Silver Chips Online

Dangerous discipline

By Myla Sapp, Online Sports Editor
March 5, 2011
On Jan. 20, Nick Stuban, a sophomore at W.T. Woodson High School in Fairfax, Virginia, took his own life. Stuban was a star football player and a respectable student at Woodson, but was suspended from school and required to transfer after he was caught with a capsule of JWH-018, essentially fake marijuana, on school premises. After Stubanís tragic death, Fairfax County Public Schools (FCPS) is under high scrutiny for their strict disciplinary zero-tolerance policy.

Nick Stuban's tragic suicide sheds light on the flaws of the zero-tolerance policy. Courtesy of washingtonpost.com
Nick Stuban's tragic suicide sheds light on the flaws of the zero-tolerance policy.
Stuban is the second student in two years to commit suicide after being suspended in FCPS. Josh Anderson, a junior at the time of his death in 2009, was suspended after being caught smoking marijuana on school property. He killed himself the night before a disciplinary hearing that would determine his fate in terms of school and social activities.

Of course, it is irrational to blame the suicides completely on FCPS. The true motivators and reasons for the studentsí deathsí cannot be pinpointed, but that is not to say that the discipline enforced by the school administrators undoubtedly placed far more stress on the individuals. While Stuban and Anderson's situations may be viewed as extreme, they must not be overlooked. For when examining Stubanís harsh punishment and expulsion, the story does not seem to add up.

JWH-018 is completely legal synthetic marijuana, which can be purchased and used in the U.S. without any sort of infraction. Even though possession of the substance on school grounds is illegal, why expel a student for possessing a compound that isnít even the real thing?

When commenting on the subject of expulsion, the motives behind Stubanís expulsion are questionable at best. Was it really necessary to take Stuban away from his friends, current activities and familiar school environment to move him to a completely different school? It would be different if Stuban had the potential to cause future harm to himself or anyone else at Woodson by remaining at the school, but he didnít.

All of these measures seem quite extreme when dealing with a student who has not been in an ounce of trouble in school prior to this incident. Iím not saying that students should be let off "easily" because of their past behavior, but a student with a completely clean record certainly shouldnít be treated the same as a kid who has a long history of school related infractions.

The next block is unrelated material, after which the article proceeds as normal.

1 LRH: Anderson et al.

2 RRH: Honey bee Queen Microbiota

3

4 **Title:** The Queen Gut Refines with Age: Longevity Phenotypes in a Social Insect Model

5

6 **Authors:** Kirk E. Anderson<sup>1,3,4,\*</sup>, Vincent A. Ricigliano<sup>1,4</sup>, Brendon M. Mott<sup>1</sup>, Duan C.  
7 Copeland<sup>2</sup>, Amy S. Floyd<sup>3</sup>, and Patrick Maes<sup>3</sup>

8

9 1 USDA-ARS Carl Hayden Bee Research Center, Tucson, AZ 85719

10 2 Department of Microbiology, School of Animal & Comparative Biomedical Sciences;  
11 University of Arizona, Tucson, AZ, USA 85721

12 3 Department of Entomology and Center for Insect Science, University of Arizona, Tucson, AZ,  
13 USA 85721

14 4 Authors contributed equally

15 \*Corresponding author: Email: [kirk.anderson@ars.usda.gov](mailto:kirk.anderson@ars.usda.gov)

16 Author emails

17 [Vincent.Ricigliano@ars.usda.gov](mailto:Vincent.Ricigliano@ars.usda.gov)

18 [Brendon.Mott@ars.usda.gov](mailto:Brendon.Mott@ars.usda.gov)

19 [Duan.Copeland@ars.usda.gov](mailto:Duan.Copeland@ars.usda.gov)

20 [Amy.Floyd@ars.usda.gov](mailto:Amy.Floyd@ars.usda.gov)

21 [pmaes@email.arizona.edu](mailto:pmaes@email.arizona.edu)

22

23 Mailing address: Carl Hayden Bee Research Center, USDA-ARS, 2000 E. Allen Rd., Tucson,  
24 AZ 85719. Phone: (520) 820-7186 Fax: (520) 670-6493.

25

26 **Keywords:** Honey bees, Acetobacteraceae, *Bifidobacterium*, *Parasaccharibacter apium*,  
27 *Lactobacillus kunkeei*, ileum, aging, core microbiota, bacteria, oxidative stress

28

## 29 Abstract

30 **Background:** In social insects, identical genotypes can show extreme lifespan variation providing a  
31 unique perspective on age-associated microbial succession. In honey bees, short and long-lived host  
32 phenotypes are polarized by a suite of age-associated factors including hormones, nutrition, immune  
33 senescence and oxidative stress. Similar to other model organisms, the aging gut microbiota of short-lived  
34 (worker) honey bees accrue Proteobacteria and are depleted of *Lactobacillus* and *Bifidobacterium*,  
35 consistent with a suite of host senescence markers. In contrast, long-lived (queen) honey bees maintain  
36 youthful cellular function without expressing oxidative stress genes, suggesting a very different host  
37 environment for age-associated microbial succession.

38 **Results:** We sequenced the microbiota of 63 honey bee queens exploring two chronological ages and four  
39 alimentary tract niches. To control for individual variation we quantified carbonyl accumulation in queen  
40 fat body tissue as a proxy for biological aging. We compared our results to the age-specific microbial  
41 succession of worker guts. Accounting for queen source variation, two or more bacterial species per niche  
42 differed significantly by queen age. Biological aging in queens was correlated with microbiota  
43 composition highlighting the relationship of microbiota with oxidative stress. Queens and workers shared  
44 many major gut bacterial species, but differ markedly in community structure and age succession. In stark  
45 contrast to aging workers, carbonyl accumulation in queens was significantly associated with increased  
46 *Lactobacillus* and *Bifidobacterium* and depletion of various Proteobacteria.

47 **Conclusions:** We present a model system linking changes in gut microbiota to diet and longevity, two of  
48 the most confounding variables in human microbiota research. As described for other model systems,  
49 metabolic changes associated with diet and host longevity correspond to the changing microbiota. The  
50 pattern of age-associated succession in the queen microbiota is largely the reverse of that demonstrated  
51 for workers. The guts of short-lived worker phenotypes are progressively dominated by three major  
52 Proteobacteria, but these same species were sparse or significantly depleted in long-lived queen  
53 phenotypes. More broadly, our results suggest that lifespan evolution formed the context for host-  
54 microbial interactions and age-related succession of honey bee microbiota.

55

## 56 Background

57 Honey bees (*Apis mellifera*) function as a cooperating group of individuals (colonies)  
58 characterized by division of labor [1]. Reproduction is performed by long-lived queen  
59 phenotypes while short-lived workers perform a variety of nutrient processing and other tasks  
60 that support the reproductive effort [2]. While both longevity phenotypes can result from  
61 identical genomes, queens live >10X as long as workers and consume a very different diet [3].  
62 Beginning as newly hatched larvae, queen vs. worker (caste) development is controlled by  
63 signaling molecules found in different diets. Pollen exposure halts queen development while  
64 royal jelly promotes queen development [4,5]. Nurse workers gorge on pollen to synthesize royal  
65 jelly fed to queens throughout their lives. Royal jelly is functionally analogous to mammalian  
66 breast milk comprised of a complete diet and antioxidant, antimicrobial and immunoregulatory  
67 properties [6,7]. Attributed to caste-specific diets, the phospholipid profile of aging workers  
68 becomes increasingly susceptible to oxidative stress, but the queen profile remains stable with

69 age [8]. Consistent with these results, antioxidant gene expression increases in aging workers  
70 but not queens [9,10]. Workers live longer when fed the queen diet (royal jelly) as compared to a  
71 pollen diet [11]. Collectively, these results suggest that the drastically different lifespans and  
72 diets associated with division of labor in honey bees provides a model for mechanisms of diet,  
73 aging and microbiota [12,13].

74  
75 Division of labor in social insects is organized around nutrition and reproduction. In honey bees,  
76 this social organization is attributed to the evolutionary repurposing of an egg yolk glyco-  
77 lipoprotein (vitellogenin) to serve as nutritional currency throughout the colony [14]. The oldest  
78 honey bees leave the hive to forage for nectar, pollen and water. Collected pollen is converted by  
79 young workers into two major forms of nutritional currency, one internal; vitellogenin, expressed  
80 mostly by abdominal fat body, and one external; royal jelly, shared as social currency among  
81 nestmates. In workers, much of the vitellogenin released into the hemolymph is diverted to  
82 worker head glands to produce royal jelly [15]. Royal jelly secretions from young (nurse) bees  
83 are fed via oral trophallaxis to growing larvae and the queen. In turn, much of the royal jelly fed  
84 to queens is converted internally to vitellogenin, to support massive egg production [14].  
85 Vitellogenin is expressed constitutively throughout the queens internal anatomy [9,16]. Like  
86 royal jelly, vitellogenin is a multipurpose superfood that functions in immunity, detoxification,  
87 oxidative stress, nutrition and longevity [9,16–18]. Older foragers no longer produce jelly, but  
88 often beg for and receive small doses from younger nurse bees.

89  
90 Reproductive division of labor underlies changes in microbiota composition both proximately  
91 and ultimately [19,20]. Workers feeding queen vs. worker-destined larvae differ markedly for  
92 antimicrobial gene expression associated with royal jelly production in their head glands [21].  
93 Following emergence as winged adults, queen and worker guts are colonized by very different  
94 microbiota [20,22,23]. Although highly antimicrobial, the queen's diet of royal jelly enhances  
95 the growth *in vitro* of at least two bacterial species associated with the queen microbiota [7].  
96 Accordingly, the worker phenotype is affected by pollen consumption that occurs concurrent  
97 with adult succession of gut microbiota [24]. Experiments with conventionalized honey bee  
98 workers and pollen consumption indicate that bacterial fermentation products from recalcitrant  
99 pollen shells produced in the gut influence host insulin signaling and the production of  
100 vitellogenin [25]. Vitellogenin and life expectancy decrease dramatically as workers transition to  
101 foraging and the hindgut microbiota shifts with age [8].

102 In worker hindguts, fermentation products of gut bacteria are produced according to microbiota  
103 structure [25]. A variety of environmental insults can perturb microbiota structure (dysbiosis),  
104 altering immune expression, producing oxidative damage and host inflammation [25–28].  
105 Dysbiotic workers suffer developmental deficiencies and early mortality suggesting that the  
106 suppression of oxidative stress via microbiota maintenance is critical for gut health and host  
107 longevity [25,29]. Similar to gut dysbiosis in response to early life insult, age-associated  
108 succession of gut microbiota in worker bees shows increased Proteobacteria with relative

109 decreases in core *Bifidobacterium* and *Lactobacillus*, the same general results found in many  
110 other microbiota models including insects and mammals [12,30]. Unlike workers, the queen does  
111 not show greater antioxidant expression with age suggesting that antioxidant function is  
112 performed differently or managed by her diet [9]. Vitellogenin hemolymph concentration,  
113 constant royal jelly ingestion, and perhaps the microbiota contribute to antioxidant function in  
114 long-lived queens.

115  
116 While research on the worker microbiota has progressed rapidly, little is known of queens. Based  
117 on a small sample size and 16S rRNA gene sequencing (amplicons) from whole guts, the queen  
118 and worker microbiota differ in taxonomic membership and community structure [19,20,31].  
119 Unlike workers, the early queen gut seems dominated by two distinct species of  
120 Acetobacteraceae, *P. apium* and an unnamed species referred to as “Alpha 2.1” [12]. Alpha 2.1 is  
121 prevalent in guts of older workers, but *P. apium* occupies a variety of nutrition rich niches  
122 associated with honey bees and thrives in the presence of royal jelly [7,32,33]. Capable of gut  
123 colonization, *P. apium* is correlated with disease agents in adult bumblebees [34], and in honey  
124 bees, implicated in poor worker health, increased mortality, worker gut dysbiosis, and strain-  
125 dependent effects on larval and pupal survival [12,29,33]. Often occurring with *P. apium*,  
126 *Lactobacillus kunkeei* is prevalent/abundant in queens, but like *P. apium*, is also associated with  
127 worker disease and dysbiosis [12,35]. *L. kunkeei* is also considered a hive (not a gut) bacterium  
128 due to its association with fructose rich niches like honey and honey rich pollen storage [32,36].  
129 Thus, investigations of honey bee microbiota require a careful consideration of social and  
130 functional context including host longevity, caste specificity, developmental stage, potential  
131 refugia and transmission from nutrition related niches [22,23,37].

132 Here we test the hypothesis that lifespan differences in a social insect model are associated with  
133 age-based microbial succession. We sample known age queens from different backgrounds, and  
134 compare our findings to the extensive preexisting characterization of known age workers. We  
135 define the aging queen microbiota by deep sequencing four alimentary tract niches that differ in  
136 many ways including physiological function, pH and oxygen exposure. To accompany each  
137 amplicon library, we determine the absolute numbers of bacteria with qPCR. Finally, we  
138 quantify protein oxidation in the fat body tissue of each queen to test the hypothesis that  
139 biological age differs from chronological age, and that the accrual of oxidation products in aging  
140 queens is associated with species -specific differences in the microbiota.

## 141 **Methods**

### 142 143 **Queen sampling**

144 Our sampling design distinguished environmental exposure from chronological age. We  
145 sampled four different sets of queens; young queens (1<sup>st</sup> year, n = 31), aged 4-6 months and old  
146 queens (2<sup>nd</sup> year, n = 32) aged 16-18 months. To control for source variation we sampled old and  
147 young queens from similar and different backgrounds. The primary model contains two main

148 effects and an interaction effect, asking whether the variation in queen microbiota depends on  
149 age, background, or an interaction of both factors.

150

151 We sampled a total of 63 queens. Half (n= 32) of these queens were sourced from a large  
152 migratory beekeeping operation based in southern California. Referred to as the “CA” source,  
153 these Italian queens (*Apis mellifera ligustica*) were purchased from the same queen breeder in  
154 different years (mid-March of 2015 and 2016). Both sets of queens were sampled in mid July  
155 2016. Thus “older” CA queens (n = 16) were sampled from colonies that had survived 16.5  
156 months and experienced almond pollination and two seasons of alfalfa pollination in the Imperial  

What FCPS and our own county system need to realize is that the zero-tolerance policy is flawed due to the fact that it dishes out an equal punishment to students who break the rules - even if the scenarios are completely different. Situations like Stuban's put the school districts in a bad position because they have failed to realize that the consequences they are giving out for student offenses cannot fit under one strict policy.

If you're a good student, show signs of regret, and volunteer for things such as drug counseling, schools should be able to use their discretion in your situation instead of having to implement a zero-tolerance policy that is too broad and covers the whole county. A student with a chronic problem with drugs or other issues such as truancy should deal with harsher punishment provided by discretion through the school itself, as they have had multiple failed chances to prove themselves.

The rationale behind Stubanís expulsion is blatantly flawed, and to avoid future incidents such as these, Fairfax County and other counties that still have the zero-tolerance policy in place have some serious work to do in order to correct the school systemsí disciplinary actions. Stubanís story is truly tragic, but if proper changes are made, a similar suicide story will never be told again.

http://silverchips.mbhs.edu/story/10746